Snippet - FixedTimeService - working replacement for TimeService with DST

I just posted FixedTimeService - working replacement for TimeService with DST on Codeshare. Feel free to discuss and make suggestions here.


This is good. I have my own time service with DST that is deliberately based on the DAYTIME protocol instead of the NTP Protocol. I have actually tested it through the last few DST changes. I actually think using DAYTIME is better because the service actually tells you the DST status so you don’t need to maintain a region specific rule. My concern with a DST rule is that DST changes rather frequently (a relative term). Not long ago Indiana switched from not participating in DST to being EST/EDT. Now in Indiana many people think it was a mistake and should have been CST. I can easily see this changing; and Congress could change the start and end dates. It’s a complete disaster, but at least the DAYTIME protocol would always work…

According to this, changes are made several time a year to the timezone database.

Then I saw that NIST was phasing out the DAYTIME protocol over the next 2 years. So it’s back to NTP. My next concern is, what happens if NIST starts to require HTTPS for NTP or passcodes to cut down on the DoS attacks. I am concerned that you could create a device that, a few years after launch, no longer keeps time properly…

Having said all that. I think NTP is the right choice at the moment and this implementation looks good. I’ll give it a try soon.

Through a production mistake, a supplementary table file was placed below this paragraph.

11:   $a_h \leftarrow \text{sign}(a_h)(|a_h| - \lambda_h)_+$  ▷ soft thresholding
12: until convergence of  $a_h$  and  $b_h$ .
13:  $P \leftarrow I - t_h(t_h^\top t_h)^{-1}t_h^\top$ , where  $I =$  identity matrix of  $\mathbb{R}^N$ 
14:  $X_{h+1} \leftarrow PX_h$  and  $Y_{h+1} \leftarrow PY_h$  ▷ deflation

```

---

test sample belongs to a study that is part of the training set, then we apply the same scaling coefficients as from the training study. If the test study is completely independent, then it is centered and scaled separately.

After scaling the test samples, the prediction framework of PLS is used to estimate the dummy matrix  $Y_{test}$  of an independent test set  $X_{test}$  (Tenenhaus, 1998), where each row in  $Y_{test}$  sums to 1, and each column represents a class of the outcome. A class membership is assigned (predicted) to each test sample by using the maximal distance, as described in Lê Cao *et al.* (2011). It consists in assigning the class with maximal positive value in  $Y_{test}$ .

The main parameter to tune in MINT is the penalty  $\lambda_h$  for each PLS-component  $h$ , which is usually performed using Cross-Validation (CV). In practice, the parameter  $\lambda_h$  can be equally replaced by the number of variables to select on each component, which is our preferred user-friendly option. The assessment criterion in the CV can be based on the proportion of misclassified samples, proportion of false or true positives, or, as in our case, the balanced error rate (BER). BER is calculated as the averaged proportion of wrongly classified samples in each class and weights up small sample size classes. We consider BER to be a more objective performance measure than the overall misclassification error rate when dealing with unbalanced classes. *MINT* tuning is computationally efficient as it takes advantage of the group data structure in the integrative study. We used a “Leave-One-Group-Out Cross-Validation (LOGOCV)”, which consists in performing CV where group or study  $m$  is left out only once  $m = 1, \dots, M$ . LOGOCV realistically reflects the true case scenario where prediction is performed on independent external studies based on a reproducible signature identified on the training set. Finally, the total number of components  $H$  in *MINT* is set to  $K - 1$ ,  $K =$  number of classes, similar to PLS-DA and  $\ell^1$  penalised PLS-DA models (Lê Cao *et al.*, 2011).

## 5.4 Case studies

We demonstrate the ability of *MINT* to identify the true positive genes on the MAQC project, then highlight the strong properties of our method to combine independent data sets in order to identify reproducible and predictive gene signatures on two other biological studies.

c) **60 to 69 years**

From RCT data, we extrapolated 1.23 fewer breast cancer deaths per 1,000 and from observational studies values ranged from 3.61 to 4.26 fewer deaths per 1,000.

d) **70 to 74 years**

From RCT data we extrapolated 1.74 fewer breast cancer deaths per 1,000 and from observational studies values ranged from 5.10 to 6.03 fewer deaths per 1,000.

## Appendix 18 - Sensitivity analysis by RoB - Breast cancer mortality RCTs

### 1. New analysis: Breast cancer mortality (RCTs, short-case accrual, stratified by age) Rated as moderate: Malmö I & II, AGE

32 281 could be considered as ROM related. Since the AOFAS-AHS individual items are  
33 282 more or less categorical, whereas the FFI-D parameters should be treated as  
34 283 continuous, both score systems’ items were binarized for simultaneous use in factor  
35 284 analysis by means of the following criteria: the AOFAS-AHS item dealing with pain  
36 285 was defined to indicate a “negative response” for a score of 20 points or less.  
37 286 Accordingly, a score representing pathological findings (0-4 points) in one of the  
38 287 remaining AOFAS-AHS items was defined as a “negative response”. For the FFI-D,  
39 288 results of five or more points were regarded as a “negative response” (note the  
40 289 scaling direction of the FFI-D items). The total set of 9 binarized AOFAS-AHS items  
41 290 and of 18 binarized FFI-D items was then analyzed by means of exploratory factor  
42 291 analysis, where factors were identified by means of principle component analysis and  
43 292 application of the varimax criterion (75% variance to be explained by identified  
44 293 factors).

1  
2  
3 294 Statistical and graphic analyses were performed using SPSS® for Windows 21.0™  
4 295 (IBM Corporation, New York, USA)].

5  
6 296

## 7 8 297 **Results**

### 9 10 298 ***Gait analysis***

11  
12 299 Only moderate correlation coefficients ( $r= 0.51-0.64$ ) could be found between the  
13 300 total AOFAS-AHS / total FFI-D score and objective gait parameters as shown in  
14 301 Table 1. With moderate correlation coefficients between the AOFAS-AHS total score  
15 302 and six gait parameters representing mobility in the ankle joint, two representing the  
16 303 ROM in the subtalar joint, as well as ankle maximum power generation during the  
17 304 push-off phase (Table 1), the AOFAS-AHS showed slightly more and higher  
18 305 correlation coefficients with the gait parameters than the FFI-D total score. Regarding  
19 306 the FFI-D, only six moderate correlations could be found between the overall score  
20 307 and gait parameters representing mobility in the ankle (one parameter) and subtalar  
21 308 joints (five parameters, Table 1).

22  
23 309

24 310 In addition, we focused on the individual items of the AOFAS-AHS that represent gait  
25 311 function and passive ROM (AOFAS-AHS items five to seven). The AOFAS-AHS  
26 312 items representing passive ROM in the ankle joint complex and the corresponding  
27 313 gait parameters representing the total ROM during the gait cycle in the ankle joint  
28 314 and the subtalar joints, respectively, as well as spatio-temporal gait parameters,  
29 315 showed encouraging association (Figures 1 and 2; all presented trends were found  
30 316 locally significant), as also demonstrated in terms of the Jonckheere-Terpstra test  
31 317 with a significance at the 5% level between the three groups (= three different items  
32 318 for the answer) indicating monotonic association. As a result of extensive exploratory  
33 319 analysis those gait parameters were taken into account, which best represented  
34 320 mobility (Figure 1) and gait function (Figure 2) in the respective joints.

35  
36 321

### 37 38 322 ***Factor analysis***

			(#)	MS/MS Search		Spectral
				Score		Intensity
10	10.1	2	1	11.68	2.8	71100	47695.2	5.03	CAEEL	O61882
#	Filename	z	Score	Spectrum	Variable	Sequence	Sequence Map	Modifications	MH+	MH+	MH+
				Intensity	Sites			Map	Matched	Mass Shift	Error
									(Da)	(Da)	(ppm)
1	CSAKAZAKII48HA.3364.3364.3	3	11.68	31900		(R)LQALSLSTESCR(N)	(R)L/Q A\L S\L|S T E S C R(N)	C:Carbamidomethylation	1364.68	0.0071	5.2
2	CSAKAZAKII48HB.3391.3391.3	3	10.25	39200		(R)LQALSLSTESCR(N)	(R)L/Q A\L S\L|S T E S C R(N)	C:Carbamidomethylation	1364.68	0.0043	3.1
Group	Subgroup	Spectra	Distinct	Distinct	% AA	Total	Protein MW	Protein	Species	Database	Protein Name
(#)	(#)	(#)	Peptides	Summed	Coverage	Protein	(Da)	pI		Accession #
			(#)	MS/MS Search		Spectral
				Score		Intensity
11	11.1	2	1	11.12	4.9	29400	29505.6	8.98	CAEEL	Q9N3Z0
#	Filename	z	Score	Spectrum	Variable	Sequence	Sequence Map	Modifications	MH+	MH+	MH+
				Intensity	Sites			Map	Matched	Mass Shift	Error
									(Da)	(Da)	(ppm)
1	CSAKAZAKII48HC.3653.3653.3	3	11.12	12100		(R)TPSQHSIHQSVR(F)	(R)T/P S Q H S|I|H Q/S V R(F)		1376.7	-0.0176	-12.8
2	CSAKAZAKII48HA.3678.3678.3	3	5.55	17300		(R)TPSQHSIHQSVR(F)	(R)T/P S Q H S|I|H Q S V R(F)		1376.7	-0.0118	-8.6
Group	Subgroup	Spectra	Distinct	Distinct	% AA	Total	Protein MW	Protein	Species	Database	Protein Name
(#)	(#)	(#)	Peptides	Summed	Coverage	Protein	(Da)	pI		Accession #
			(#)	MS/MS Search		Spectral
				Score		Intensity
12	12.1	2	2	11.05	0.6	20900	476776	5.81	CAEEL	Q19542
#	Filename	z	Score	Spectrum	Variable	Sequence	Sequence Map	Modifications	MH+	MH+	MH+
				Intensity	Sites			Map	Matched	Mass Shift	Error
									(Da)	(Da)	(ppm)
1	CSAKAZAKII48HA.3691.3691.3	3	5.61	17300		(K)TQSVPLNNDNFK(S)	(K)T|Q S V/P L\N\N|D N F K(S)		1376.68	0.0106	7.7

P.S. In my opinion, the best solution is a NIST run web service that takes a location (GPS or city) and returns current time with an indication of the next time change. But hey, I don’t run these things…

I have to agree with you: If possible, push the location/timezone/DST calculations to the server. That is really the only way to automatically figure out the timezone & DST rules. I didn’t know about DAYTIME, but if it is gone in 2 years - it is not a long-term solution.

If there is a free, long-term solution for fetching that info, I’d gladly add it.

If I ran things, DST would go away.

@ eolson - Unfortunately, the only free service that you can rely on (long-term) for time is NIST (IMHO), but as you now know, they have no facility for DST correction other than the DAYTIME protocol, but even that is only U.S. DST.

What you have implemented is the best that can be done… being NTP protocol and configurable DST calculation.

But, I will point out one thing. You state the you get the time twice because it only works about 5% of the time otherwise. I’m rusty on this, but I think you have to send a byte of something in the message body for the request to work the first time. Calling NTP twice in rapid succession is very bad because NIST has rules for how frequently you can hit their servers. One rule is that you can perform a request no more frequently than one per 5 seconds. If you violate their rules, their servers may start blocking your address! This is to prevent DoS attacks. In my mIP TCP stack, I have a UDP sample that does an NTP call and that works the first time (I think). Here is the code snippit… it may be useful:

// Create a NTP (date/time) Request Message
            var msg = new byte[48];
            msg[0] = 0x1b;

            // Let's get the UTC time from a time zerver using a UDP Message
            UDP.SendUDPMessage(msg, new byte[4] { 0x40, 0x5a, 0xb6, 0x37 }, 123, 123);  // the address of a NIST time server